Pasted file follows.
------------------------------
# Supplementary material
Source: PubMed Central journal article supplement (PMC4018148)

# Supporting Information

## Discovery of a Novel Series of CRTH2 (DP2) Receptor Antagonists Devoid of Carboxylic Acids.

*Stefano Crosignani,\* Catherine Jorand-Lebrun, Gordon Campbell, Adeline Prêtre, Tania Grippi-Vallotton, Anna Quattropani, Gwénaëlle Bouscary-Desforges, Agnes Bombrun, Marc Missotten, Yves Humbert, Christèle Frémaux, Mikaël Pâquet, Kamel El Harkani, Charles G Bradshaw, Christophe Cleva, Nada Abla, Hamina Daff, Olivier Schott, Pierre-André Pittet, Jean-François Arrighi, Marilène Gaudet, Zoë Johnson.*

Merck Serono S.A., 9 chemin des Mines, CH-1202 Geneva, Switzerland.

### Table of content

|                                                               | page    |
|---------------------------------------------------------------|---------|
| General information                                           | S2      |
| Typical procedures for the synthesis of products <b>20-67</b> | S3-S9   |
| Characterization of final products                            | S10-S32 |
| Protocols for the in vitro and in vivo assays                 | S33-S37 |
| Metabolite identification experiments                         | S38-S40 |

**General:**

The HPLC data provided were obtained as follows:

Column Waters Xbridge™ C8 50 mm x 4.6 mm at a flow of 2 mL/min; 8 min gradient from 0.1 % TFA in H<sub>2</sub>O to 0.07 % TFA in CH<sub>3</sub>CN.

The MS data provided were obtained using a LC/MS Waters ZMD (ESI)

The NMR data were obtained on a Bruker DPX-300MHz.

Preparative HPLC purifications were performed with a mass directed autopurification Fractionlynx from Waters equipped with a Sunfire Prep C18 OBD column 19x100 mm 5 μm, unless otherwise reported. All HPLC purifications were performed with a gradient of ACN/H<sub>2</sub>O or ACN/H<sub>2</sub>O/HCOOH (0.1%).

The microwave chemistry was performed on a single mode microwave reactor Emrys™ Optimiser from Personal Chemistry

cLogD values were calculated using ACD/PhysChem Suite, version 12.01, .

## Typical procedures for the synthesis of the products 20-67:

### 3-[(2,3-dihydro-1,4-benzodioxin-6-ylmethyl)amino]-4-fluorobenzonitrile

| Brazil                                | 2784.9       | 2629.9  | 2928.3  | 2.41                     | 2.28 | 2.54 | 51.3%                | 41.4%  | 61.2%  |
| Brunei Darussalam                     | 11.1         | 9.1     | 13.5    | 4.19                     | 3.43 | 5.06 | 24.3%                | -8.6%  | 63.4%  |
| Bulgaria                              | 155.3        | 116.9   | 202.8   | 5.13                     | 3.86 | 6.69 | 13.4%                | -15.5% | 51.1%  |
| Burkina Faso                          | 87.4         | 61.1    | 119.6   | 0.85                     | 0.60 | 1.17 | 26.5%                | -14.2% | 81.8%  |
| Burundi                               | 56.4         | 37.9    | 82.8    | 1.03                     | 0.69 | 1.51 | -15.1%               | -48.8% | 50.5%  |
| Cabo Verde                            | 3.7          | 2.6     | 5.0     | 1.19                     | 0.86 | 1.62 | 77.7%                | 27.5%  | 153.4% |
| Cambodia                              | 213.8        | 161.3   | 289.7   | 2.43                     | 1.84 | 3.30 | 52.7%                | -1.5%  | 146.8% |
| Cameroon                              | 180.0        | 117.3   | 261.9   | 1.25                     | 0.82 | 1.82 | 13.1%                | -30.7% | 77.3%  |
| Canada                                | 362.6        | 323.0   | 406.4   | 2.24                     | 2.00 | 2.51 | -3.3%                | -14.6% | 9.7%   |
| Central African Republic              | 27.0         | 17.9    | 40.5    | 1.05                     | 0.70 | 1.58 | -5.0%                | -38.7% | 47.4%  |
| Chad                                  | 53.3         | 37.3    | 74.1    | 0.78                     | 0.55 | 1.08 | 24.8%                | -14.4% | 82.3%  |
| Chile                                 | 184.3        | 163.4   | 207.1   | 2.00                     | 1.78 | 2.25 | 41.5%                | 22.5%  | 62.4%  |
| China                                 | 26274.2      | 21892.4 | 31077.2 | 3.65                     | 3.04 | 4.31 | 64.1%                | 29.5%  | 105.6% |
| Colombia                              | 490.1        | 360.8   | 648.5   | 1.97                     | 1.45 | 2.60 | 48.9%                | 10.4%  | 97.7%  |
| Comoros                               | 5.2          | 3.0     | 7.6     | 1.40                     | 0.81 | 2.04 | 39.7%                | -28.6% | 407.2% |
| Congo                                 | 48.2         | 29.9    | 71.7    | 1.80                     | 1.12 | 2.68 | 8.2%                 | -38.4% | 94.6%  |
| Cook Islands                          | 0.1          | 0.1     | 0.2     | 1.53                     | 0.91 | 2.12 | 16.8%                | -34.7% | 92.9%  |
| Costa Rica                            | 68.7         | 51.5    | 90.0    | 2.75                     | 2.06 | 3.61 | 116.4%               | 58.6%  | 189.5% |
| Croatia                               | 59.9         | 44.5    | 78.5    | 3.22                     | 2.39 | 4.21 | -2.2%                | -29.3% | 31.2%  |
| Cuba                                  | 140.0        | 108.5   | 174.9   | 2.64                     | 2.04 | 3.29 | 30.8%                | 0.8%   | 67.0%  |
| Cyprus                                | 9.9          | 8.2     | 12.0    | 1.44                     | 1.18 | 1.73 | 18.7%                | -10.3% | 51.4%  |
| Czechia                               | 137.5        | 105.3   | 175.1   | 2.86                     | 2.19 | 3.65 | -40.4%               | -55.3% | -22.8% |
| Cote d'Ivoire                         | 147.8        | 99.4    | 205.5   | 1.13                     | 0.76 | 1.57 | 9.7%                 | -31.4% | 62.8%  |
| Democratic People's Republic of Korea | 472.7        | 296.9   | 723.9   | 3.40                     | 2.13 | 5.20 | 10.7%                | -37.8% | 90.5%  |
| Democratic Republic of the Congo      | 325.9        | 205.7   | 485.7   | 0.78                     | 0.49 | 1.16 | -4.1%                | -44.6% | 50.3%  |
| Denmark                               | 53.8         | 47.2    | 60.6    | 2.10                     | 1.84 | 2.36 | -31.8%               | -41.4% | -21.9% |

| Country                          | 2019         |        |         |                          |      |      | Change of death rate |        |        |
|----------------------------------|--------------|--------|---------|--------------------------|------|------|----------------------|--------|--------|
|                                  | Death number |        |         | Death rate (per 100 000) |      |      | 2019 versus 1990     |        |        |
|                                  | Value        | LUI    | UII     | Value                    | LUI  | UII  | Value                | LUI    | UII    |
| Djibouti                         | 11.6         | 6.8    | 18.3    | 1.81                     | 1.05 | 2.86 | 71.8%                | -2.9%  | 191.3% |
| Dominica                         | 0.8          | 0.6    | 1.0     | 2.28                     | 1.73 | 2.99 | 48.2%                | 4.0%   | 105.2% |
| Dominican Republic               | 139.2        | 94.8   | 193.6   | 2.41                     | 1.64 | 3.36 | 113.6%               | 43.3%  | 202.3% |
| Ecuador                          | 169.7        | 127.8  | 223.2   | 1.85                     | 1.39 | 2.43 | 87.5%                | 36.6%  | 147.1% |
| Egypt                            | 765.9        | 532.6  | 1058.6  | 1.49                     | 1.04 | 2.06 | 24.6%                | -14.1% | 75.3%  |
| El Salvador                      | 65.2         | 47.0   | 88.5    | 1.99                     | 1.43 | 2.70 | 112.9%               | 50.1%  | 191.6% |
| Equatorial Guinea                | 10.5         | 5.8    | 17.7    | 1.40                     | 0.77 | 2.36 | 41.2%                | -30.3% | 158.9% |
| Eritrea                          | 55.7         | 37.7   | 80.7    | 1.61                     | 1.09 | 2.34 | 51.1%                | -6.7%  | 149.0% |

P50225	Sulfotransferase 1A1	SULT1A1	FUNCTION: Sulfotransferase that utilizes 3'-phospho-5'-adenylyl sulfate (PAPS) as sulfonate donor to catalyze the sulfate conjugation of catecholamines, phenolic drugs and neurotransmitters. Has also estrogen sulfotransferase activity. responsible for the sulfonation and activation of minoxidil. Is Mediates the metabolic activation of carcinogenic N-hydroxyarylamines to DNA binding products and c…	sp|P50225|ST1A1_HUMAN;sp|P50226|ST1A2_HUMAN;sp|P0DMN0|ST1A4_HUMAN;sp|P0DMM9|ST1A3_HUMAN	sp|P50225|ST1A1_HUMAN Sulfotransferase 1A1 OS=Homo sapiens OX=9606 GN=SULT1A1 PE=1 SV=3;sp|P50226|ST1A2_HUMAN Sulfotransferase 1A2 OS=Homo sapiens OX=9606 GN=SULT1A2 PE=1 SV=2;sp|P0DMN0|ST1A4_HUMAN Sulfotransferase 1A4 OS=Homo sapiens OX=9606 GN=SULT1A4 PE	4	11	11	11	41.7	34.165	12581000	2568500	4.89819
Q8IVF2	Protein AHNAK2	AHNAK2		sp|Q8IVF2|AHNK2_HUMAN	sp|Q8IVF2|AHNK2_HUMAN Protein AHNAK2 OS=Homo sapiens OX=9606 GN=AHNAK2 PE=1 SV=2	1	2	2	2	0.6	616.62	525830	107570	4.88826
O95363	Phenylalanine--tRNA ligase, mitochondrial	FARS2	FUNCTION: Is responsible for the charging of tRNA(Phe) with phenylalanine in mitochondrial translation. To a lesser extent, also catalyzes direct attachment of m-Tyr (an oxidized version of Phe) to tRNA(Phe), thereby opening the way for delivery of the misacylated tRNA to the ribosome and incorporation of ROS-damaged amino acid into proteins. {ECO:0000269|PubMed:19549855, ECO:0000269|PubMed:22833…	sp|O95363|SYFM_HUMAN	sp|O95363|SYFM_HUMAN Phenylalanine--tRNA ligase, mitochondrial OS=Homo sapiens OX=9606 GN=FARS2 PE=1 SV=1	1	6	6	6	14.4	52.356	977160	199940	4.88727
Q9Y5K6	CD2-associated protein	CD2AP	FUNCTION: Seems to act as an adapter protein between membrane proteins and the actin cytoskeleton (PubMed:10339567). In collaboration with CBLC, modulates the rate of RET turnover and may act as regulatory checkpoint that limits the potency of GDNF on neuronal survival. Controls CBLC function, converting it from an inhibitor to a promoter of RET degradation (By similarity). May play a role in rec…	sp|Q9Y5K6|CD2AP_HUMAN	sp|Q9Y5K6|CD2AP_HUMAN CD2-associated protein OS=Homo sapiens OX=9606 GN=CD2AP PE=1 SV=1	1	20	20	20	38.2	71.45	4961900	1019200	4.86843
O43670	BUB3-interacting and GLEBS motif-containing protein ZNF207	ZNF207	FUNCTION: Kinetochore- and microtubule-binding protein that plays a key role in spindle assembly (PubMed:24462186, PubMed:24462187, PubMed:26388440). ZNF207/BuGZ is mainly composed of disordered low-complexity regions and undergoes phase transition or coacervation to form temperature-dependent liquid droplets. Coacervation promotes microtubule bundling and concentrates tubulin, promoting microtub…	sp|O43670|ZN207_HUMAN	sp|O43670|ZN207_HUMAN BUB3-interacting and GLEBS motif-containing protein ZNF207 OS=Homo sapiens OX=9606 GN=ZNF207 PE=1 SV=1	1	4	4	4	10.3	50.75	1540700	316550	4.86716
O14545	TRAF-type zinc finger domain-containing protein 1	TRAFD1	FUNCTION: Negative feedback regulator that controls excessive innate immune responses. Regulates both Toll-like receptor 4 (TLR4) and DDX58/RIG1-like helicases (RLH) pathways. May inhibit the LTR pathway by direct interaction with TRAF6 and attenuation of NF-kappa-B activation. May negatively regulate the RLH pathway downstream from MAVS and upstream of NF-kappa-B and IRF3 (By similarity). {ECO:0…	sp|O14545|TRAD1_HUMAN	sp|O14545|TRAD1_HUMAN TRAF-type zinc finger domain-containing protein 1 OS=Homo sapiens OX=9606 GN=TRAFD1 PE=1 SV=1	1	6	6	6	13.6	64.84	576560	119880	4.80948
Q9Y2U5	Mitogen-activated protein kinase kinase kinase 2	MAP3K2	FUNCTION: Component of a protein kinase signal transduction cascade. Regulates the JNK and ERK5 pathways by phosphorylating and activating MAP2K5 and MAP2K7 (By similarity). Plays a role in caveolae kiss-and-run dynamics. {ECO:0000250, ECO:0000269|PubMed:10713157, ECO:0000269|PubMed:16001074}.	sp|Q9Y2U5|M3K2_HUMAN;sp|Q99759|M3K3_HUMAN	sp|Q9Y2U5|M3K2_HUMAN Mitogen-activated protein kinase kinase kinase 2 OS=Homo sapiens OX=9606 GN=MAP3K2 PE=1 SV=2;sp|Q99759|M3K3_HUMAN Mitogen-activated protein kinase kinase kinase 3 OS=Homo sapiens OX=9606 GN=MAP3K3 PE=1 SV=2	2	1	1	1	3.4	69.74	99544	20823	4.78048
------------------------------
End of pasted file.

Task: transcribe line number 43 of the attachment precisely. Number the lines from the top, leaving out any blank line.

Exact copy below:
| Croatia                               | 59.9         | 44.5    | 78.5    | 3.22                     | 2.39 | 4.21 | -2.2%                | -29.3% | 31.2%  |